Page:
Pete Campbell?

Pentagram - Last Rites
Pentagram – Last Rites

Griffin:  Yeah, Pete Campbell. And I like to get him recorded, and just Pete is just a great drummer, killer drummer. And we kind of stayed in contact and I said, “You wanted to help me do this.” I don’t know what would become of these songs if anything, I just want to do… I’m going to, and I told him and said, “I’m thinking of leaving Pentagram, I don’t know when that will be. But I’m definitely headed in that direction.” And so, we went into the studio early 2012, laid down the basic tracks. He came down for a few days before we went in the studio, and we were able to. And he was able to sit with me, for some of the stuff it was fragment in my head, basic parts and I have a tendency to be my own worst critic. And I’ll throw out perfectly good guitar parts probably…

You never save them?

Griffin:  Well, I put stuff down on a little. I’ve got little micro-cassettes that have nothing but riffs. And I’ll go, and I’ll play it, I better save that. And then I’ll stay, over think it and two days later I’m going that riff sucks, I’ll never use it.

Did Oly listen to your riffs?

Griffin:   Well, not until we started doing this. And then when I was jamming with Pete, I would try and finish the songs. I would go, I was like, “Okay, this needs a part.” And I would play something and I’d be like, and Pete would go. “No, dude that was killer man.”

Do you express your opinion about these riffs that were here?

Olson:  The first initial thing was, he posts a picture of the late John Walden, getting down. And my wife who does social media…

Griffin: I was looking for a keyboard, what I said, I said, “I’m looking for this guy.” And it was just this killer picture of John Walden…

Olson : The late John was there just leaning back, and I’m like, he wants some Hammond. My wife and I looking it, standing over the computer like we do. He wants some Hammond, maybe, well, you can give that to him. And so, we responded, “Hey, can we give this a shot.” And so, we just said, “Well, give it a shot.” When he said, give it a shot. I was just like, “He’s going to let us give it a shot? Alright, alright.” We went online, I’m wondering if there is a Hammond. Like I needed my… I saw my L100 a long time ago, it’s in Chicago and it was a great Hammond look. Anyway, long story short.    What are the chances on eBay when the town next to you has a guy called “the organ donor”, Hammond’s exclusive. He’s a town over town, I’m in Maine, I’m in the middle of the tundra, we almost have Elk roaming, we have Lobster and Elk. I mean, the guys comes back, he’s like the most chilled guy, his name is Barry Young. And he’s like I got L100s, I got B3s – I go, “What do you want for this L100?” A hundred and fifty? “Are you kidding me?”.  He shows up drives in under the Dodge van. I actually got to record a real Hammond on Victor’s rather than what I would use in pro-tools, virtual Hammonds’, were like what I have, my practice and stuff.  We started to get the dialogue going, and the first incentive were like, quarter and quarter or quarterly. It’s was just like, probably this guy is not going to cut it. I send him the most distorted tracks on the planet.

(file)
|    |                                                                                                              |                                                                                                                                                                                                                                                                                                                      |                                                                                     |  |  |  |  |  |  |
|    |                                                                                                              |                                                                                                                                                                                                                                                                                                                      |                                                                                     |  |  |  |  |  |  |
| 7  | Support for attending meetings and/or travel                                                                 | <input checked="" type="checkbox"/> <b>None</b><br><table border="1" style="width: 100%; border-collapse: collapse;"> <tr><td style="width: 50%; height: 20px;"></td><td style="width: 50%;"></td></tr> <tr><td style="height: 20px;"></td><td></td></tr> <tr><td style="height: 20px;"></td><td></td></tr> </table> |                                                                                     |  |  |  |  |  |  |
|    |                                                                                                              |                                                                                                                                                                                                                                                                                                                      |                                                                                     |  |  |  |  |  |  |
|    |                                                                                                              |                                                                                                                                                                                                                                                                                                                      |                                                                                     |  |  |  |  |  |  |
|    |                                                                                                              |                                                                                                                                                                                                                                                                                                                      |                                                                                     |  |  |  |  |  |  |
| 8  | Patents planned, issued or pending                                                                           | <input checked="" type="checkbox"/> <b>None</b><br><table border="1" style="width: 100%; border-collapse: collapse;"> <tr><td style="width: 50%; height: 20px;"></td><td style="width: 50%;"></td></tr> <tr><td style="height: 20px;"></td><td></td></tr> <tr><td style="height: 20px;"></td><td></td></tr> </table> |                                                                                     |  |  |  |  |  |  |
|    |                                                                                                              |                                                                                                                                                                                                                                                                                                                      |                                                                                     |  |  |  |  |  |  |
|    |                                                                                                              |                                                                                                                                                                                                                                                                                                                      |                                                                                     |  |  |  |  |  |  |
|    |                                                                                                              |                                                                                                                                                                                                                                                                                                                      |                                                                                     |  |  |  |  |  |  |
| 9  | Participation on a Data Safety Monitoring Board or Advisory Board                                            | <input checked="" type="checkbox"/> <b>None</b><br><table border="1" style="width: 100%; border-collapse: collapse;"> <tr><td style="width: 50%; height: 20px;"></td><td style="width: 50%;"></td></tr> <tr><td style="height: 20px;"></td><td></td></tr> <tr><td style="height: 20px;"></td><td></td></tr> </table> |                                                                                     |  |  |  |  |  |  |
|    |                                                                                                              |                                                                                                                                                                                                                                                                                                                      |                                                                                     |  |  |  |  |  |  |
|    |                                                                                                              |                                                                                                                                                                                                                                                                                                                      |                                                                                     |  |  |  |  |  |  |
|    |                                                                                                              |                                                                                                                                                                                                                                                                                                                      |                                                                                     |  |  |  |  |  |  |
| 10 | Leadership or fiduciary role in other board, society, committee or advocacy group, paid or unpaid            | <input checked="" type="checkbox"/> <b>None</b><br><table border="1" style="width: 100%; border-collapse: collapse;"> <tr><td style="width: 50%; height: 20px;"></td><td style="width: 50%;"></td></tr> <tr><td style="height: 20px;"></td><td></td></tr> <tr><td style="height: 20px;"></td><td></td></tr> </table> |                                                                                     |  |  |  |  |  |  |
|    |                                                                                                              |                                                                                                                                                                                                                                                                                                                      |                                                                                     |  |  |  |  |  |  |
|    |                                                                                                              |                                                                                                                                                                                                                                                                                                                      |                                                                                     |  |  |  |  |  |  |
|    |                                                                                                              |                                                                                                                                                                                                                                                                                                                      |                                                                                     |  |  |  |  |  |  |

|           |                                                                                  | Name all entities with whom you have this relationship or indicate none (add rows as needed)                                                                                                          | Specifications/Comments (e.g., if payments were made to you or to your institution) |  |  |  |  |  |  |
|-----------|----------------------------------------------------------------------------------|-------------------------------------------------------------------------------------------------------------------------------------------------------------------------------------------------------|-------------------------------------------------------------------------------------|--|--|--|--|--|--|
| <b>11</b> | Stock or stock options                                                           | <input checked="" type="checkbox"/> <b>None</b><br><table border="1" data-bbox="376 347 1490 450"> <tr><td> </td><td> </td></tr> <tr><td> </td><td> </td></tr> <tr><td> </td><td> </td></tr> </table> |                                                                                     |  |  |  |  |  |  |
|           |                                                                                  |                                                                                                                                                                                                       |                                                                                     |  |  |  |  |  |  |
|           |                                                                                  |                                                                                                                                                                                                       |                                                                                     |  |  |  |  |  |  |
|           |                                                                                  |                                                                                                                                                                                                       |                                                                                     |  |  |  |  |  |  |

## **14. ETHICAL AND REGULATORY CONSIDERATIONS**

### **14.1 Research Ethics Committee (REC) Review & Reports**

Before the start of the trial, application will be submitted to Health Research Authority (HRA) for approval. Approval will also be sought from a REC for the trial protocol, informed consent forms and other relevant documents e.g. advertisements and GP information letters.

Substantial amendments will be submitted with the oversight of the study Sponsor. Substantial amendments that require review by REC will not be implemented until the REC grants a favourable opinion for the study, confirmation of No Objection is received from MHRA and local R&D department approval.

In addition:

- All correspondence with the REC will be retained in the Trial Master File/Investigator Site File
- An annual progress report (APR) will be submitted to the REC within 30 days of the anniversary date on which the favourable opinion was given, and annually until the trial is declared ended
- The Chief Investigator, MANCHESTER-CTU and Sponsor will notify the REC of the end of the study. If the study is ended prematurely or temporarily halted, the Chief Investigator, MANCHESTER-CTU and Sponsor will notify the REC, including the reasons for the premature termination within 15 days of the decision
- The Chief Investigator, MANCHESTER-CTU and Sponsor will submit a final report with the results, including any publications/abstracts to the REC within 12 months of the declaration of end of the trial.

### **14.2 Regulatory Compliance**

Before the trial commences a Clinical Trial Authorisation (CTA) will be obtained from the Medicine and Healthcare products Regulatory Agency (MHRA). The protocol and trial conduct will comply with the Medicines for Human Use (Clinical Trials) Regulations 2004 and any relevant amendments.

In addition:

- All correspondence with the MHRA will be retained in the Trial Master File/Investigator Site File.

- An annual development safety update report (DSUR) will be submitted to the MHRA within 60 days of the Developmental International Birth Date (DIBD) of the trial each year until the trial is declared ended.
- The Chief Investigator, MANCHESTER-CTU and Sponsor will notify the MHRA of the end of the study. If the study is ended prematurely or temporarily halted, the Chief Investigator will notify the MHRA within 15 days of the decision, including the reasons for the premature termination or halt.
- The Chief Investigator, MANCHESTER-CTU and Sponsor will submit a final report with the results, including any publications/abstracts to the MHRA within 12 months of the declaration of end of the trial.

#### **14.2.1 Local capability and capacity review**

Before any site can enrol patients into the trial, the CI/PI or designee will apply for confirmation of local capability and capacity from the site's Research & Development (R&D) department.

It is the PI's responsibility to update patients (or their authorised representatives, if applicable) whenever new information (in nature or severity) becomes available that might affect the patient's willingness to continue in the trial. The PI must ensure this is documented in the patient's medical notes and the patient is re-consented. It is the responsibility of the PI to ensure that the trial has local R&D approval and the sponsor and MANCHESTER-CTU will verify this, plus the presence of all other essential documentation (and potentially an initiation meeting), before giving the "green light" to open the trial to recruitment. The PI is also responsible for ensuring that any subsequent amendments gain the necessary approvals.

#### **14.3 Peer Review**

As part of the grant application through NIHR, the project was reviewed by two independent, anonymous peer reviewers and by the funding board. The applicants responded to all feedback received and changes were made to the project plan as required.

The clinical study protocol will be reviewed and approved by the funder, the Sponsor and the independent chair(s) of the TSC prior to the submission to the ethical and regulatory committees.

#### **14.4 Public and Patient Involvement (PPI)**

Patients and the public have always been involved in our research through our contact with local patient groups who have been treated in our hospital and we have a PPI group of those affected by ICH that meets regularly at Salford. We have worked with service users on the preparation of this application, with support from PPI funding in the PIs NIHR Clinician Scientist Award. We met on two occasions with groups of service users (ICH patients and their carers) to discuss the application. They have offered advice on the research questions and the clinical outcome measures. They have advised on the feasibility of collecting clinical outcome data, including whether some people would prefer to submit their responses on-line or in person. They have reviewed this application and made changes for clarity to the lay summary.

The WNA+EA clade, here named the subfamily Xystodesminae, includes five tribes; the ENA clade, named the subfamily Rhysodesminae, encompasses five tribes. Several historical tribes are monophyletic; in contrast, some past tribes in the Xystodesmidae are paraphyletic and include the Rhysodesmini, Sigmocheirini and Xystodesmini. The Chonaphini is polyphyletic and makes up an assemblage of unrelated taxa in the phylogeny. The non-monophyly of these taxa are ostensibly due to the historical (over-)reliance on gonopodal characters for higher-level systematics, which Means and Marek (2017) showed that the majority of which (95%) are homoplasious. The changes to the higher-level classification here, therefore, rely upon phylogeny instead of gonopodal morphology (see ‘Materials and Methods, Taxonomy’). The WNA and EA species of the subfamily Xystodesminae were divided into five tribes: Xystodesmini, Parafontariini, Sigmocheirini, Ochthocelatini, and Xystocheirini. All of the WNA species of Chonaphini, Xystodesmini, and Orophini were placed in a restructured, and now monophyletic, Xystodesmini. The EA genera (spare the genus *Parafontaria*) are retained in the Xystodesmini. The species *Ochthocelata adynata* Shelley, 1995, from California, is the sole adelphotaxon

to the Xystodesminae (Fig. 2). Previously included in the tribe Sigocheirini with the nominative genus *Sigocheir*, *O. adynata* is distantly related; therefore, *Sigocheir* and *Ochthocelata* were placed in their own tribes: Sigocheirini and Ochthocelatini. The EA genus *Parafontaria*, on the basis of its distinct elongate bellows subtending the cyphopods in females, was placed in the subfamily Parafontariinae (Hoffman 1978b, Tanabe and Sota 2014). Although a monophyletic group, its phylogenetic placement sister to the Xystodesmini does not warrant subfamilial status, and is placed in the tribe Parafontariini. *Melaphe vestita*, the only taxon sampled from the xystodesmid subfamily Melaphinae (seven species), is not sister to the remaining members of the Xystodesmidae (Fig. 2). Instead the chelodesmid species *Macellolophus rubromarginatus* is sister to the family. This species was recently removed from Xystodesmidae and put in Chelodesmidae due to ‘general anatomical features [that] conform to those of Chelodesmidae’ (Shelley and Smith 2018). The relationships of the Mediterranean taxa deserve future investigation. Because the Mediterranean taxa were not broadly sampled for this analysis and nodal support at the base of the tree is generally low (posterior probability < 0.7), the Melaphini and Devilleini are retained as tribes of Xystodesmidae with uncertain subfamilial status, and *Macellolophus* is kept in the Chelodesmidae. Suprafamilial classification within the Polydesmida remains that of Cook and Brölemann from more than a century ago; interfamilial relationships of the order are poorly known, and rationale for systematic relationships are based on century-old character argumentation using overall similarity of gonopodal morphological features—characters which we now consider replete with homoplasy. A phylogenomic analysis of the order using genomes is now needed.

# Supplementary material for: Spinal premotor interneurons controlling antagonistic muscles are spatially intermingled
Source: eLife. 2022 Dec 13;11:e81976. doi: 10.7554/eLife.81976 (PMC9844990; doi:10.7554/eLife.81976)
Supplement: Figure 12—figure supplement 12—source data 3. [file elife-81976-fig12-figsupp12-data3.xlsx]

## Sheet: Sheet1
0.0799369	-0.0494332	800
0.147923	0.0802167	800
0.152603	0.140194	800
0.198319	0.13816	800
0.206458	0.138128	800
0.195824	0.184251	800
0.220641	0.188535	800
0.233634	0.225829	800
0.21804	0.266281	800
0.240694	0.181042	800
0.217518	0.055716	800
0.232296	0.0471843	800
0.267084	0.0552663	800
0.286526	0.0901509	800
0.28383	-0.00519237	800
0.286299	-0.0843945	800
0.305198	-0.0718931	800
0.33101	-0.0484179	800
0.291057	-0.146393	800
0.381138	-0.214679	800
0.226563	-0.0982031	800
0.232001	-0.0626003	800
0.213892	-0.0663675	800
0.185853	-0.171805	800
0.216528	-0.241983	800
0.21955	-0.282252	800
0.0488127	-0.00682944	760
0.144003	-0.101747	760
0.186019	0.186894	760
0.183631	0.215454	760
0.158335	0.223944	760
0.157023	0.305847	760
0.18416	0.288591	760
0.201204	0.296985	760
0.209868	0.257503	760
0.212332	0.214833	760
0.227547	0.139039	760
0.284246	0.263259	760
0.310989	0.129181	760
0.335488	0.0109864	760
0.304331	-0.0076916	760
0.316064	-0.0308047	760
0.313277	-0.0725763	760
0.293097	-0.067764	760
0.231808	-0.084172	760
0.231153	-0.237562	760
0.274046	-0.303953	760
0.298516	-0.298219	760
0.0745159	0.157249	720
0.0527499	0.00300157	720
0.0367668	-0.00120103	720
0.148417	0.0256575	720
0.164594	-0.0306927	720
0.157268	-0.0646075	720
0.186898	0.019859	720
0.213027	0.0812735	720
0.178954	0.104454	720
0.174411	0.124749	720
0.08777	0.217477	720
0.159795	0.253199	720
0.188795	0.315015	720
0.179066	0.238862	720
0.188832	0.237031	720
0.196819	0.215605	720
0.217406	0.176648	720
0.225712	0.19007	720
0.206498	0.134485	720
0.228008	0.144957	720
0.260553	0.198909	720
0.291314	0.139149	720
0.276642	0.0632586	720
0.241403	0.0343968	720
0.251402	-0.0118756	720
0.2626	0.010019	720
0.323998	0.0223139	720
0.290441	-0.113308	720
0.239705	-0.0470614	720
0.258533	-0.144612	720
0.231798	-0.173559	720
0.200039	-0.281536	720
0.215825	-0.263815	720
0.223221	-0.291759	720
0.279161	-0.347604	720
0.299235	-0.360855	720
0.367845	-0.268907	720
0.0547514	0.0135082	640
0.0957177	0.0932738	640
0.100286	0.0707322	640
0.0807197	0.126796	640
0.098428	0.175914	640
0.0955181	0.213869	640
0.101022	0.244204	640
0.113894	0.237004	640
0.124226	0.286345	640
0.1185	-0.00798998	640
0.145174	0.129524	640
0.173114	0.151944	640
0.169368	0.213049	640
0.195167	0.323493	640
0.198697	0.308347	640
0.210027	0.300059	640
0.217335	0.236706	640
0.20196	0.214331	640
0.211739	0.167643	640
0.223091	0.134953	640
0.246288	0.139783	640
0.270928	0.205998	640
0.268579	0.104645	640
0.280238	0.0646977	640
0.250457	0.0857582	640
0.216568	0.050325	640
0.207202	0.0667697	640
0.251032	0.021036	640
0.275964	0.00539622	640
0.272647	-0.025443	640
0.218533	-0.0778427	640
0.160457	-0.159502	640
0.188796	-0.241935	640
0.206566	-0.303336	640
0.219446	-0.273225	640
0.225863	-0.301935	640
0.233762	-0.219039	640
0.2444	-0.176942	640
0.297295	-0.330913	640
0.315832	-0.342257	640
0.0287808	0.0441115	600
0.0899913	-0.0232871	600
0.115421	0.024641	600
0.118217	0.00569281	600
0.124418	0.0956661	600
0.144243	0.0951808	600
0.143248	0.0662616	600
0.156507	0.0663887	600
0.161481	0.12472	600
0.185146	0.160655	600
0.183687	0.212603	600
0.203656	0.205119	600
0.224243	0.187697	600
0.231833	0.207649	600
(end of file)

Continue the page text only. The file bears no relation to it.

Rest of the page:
Griffin:  It was like, “how did you record this?”

Olson:  So, we were able to like solve those things and then we got more musical. And also I think my playing started to get better again, it’s still growing, it’s going to take a while. But that was the answer and that was the connection musically.

Griffin:  Actually there was a step in between where before, actually before that connection. Yeah, there is another guy who played keyboards too, but there actually that was a little bit later too. So, after we finished the drum and basic rhythm to our tracks, we didn’t have a bass player. And so, we didn’t know who to get. And so I was telling Pete, I said, “Man I know, like okay, I know all these people personally.”Ron Holzner, Gee, Greg Turley, He’s in Pentagram right now, Lee Abney who was in Place Of Skulls in Death Row, because Dennis Cornelius who used to be in Place Of Skulls along with Revelation and some of those bands..

Olson: Dan Lively…

Griffin: Dan Lively, who was this killer bass player musician who lives in West Virginia that no one has like heard of very much. And anyway, I just send out on emails and say, “Hey, we are working on this thing. Do you want to contribute a track to one of these songs?” And everybody wanted to do it, except Lee Abney and Dennis Cornelius couldn’t do it, because they got time to schedule in things. Anyway, so everybody… I sent out to each person the tracks I wanted them to do, Martin Swaney…

Olson: Of course Martin Swaney

Retro Grave
Retro Grave